UPS is not a momentum-integrating probe, however. A commercial UPS analyzer samples a relatively small range of k space. Nevertheless, this technique is not considered momentum-resolved because UPS setups are designed to work at fixed angle. It is common practice to get some momentum information in UPS by rotating the sample on a stick, which can reveal dispersing energy bands. But researchers do not consider this to be true momentum scanning because k is not known precisely. In other words, UPS satisfies attribute #1 above, but not attribute #2.

Instruments exist, however, that can quantitatively measure the momenta of photoelectrons. This is accomplished by using an angle-resolved electron analyzer in conjunction with a high-resolution, multi-axis goniometer for the sample, a technique called angle-resolved photoemission spectroscopy (ARPES). ARPES is based on exactly the same photoelectric effect as UPS, but is considered a different technique because it can measure momenta with an accuracy better than 1% of a Brillouin zone. This additional capability enables APRES to measure Fermi surfaces, for example, which is not possible with simple UPS.

Returning the discussion to scattering, HR-EELS instruments work in a manner similar to UPS. In the case of an Ibach setup, for example, the analyzer is set at a fixed scattering angle (using a hand crank) and the emphasis is on measuring the meV excitations of surfaces that have been coated with interesting thin films, dosed with molecular adsorbates, etc.. Such measurements yield extremely rich information about surface properties.

Like UPS, HR-EELS is not momentum-integrating, and it is common practice to get some momentum information by rotating the sample on a stick. One can see dispersing phonons and plasmons in this manner, just as one can see dispersing bands in UPS. Nevertheless, HR-EELS cannot be considered a q-resolved probe for the same reason UPS is not: the momenta are not measured to a sufficiently high degree of accuracy. For example, just as UPS cannot measure Fermi surfaces, HR-EELS cannot measure diffraction patterns. Like UPS, HR-EELS satisfies attribute #1 above, but not attribute #2.

The purpose of M-EELS is to do for HR-EELS what ARPES did for UPS: raise the accuracy with which momenta are measured so it can function as a true, momentum-resolved probe. As explained in Section 3 of our paper, mounting a hemispherical analyzer on the chamber does not guarantee success. A fundamental difference between photoemission and EELS is that, in the latter, the incident beam carries significant momentum (the photons in ARPES have k~0), so the electron trajectories must be referenced not only to the crystal axes, but also to the direct beam. Small errors in these angles can lead to large errors in the momentum, q.

For this reason, M-EELS takes its inspiration not from ARPES, but from x-ray and neutron scattering, which are designed to reference the angles of the scattered particles to the incident beam. As described in Section 3 in our paper, this involves many additional degrees of freedom--mostly for centering the axes of rotation--that are not present in conventional, HR-EELS setups. Mimicking the degrees of freedom of a triple axis neutron spectrometer, our M-EELS setup can determine the momentum transfer of the scattered electrons with an absolute accuracy of ~0.01 angstrom-1, which for BSCCO is better than 1% of a Brillouin zone. Our M-EELS also employs a new, novel type of control system, adapted from synchrotron beamlines, which enables coordinated motions of the lens voltages, sample goniometer angles, and the analyzer scattering angle, to keep the momentum fixed during energy scans.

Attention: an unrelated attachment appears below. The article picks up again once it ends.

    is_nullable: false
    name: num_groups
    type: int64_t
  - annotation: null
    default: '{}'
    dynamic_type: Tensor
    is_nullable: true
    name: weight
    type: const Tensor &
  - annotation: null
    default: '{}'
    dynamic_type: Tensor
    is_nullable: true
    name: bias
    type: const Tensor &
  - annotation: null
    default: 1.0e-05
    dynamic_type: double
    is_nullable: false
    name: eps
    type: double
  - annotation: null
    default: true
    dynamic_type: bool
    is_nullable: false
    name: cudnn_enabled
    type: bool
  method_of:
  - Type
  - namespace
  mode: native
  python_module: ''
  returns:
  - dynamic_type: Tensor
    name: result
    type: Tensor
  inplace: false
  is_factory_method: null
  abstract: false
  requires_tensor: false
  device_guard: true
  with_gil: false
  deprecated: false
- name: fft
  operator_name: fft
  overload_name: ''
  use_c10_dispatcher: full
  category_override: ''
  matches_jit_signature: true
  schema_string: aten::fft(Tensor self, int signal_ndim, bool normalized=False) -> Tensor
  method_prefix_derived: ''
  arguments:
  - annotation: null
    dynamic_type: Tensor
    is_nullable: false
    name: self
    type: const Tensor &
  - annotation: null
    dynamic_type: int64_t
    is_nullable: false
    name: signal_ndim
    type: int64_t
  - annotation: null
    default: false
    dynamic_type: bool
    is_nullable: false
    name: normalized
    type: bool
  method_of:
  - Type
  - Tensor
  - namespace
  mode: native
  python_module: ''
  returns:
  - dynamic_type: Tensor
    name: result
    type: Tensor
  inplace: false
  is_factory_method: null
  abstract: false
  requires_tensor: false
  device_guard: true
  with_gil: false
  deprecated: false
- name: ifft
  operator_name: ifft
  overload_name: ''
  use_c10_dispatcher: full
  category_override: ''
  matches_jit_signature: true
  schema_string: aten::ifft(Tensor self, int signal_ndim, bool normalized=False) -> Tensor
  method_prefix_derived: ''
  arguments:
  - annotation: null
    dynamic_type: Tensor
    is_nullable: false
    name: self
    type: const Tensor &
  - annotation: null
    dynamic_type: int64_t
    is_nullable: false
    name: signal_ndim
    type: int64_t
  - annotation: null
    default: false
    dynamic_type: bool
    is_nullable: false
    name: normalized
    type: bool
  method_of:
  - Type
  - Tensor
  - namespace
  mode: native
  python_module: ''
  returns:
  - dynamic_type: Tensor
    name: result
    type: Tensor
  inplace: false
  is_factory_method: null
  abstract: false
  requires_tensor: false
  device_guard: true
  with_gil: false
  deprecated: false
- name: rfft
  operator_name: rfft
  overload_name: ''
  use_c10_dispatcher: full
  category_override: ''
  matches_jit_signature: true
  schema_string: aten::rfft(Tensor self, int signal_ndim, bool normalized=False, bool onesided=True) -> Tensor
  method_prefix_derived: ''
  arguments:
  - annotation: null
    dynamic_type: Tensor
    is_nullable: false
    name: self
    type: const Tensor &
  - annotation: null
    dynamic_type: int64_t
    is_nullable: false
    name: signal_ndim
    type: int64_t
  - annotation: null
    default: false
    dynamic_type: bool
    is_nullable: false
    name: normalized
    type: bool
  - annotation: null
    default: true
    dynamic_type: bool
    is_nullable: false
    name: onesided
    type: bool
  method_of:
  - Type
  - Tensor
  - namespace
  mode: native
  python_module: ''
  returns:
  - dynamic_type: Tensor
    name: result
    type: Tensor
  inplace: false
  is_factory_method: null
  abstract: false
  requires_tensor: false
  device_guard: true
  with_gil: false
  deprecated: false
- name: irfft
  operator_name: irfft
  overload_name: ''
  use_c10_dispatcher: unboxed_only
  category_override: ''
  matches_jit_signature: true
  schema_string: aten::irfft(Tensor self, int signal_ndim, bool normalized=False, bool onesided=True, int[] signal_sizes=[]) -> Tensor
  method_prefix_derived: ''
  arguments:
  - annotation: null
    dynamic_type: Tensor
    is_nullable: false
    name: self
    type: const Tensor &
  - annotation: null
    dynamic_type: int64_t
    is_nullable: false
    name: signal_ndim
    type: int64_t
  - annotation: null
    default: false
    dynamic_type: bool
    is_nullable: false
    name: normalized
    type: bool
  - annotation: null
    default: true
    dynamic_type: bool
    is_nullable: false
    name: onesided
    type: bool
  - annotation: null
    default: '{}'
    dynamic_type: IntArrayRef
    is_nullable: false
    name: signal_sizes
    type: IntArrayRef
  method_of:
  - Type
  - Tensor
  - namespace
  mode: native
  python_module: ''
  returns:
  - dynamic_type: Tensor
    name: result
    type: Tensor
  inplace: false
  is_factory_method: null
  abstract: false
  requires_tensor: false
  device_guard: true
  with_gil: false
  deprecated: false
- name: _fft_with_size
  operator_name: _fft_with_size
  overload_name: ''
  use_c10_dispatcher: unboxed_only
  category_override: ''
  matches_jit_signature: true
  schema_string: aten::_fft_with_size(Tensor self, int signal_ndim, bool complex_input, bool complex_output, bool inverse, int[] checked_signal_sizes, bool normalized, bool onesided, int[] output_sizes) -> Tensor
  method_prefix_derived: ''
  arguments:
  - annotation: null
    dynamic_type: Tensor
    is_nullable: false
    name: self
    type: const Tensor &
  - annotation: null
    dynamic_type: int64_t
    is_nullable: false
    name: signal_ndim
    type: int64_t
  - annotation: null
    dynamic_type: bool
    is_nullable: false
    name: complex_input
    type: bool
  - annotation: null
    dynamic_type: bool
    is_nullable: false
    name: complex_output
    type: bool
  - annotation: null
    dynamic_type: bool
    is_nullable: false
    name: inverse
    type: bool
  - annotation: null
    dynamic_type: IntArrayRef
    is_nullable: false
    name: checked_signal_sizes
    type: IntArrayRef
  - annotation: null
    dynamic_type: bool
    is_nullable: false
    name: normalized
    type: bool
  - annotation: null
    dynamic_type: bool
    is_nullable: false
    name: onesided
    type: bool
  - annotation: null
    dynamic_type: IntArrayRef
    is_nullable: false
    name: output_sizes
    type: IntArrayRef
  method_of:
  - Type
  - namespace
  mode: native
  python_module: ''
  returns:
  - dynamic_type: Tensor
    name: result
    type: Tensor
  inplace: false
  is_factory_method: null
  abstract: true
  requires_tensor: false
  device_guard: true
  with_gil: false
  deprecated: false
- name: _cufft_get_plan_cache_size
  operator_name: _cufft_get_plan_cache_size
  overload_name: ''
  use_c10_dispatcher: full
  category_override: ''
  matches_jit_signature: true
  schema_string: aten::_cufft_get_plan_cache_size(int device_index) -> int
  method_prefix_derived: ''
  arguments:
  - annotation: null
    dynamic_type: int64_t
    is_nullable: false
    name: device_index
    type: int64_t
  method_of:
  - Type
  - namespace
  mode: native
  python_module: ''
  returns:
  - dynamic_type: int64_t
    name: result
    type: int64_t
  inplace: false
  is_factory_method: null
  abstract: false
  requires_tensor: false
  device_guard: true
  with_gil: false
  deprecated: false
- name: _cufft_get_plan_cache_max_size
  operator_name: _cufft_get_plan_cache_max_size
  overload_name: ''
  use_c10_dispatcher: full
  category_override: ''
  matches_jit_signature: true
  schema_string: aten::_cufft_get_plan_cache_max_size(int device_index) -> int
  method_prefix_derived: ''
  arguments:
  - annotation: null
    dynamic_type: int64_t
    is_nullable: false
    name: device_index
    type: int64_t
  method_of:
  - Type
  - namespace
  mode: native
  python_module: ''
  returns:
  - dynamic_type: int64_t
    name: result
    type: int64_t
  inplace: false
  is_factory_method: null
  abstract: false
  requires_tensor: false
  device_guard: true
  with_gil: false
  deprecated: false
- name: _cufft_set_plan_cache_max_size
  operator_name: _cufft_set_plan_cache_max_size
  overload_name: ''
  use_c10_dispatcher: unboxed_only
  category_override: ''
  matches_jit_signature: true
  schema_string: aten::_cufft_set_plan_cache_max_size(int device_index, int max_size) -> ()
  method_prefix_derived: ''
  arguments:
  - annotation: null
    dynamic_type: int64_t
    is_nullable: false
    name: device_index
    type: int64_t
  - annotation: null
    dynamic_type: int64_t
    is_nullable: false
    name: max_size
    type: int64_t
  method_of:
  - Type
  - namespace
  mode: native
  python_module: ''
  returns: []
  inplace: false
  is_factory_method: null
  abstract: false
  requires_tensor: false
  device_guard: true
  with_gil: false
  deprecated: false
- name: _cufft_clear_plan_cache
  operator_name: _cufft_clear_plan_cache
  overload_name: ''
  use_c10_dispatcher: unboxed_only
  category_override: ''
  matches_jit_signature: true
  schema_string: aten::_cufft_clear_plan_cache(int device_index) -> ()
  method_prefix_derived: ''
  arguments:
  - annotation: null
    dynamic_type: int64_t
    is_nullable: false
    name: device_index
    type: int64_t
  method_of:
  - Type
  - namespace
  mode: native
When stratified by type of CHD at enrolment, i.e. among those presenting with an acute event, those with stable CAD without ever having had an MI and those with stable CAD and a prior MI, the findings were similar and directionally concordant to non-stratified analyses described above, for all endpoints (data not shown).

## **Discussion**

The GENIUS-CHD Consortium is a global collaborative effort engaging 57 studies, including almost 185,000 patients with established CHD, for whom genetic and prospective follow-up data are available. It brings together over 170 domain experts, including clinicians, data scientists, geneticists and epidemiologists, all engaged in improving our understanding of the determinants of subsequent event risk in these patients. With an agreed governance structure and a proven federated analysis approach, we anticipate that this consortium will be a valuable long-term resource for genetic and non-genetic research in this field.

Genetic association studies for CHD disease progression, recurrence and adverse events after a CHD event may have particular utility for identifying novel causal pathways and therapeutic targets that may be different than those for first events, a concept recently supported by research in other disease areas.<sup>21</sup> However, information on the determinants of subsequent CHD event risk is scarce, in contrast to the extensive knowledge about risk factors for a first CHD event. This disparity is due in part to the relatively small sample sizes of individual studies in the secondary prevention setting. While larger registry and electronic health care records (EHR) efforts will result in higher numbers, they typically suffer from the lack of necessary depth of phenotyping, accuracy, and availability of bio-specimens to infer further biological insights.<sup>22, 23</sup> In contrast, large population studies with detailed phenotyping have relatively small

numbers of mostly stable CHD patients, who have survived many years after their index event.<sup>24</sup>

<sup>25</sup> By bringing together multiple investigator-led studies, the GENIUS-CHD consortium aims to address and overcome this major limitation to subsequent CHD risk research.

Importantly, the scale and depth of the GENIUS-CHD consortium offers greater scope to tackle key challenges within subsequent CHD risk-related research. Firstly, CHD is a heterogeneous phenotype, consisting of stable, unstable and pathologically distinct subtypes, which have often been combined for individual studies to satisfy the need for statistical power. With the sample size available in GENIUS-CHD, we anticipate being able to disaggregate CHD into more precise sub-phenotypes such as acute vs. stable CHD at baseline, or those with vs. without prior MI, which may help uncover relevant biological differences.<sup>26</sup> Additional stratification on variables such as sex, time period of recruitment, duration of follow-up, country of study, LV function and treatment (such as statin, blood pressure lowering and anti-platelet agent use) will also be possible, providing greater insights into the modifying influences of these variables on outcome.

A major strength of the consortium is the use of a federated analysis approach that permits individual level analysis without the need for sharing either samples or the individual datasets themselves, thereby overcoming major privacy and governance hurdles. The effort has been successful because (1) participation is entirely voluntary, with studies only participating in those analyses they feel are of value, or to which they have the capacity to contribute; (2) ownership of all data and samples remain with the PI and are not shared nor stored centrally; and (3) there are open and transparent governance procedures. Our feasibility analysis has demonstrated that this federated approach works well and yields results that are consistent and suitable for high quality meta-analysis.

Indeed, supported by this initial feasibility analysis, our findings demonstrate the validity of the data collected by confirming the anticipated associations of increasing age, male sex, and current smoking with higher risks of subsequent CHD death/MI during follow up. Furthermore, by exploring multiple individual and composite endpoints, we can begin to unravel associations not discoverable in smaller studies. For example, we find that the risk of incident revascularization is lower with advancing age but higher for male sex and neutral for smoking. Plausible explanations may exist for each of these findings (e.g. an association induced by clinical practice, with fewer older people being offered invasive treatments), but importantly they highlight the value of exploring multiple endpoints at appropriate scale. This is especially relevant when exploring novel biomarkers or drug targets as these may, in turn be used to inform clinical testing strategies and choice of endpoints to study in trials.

Just as ARPES can measure Fermi surfaces that UPS cannot, M-EELS can measure diffraction patterns that HR-EELS cannot. This is illustrated in Fig. 4 of the current manuscript, which shows a zero-loss map of reciprocal space showing the (0,0) and (1,0) Bragg peaks of BSCCO, as well as the supermodulation reflections along the (1,1) direction. Another example is a map of the order parameter reflections in the CDW material, TiSe2, shown in Fig. 2a of arXiv:1611.04217. Such maps are a unique capability of M-EELS and illustrate the special capabilities of a technique that is truly q-resolved.



1- Some inaccuracies. I am surprised by the statement 'The problem with EELS is that meV energy resolution has not yet been demonstrated in an instrument that is also momentum-resolved.' Such devices have been developped in Germany a few years ago (see e.g. or this still recent review, where high-resolution momentum resolved EELS has been used to study magnetic excitations in ultrathin films. Arguably these experimental set-ups were not developed to measure charge dynamics (in fact spin polarization seem to be an extra complication), I believe they represent concrete examples of momentum-resolved EELS with meV energy resolution. I am surprise not to see such examples mentioned in the current paper.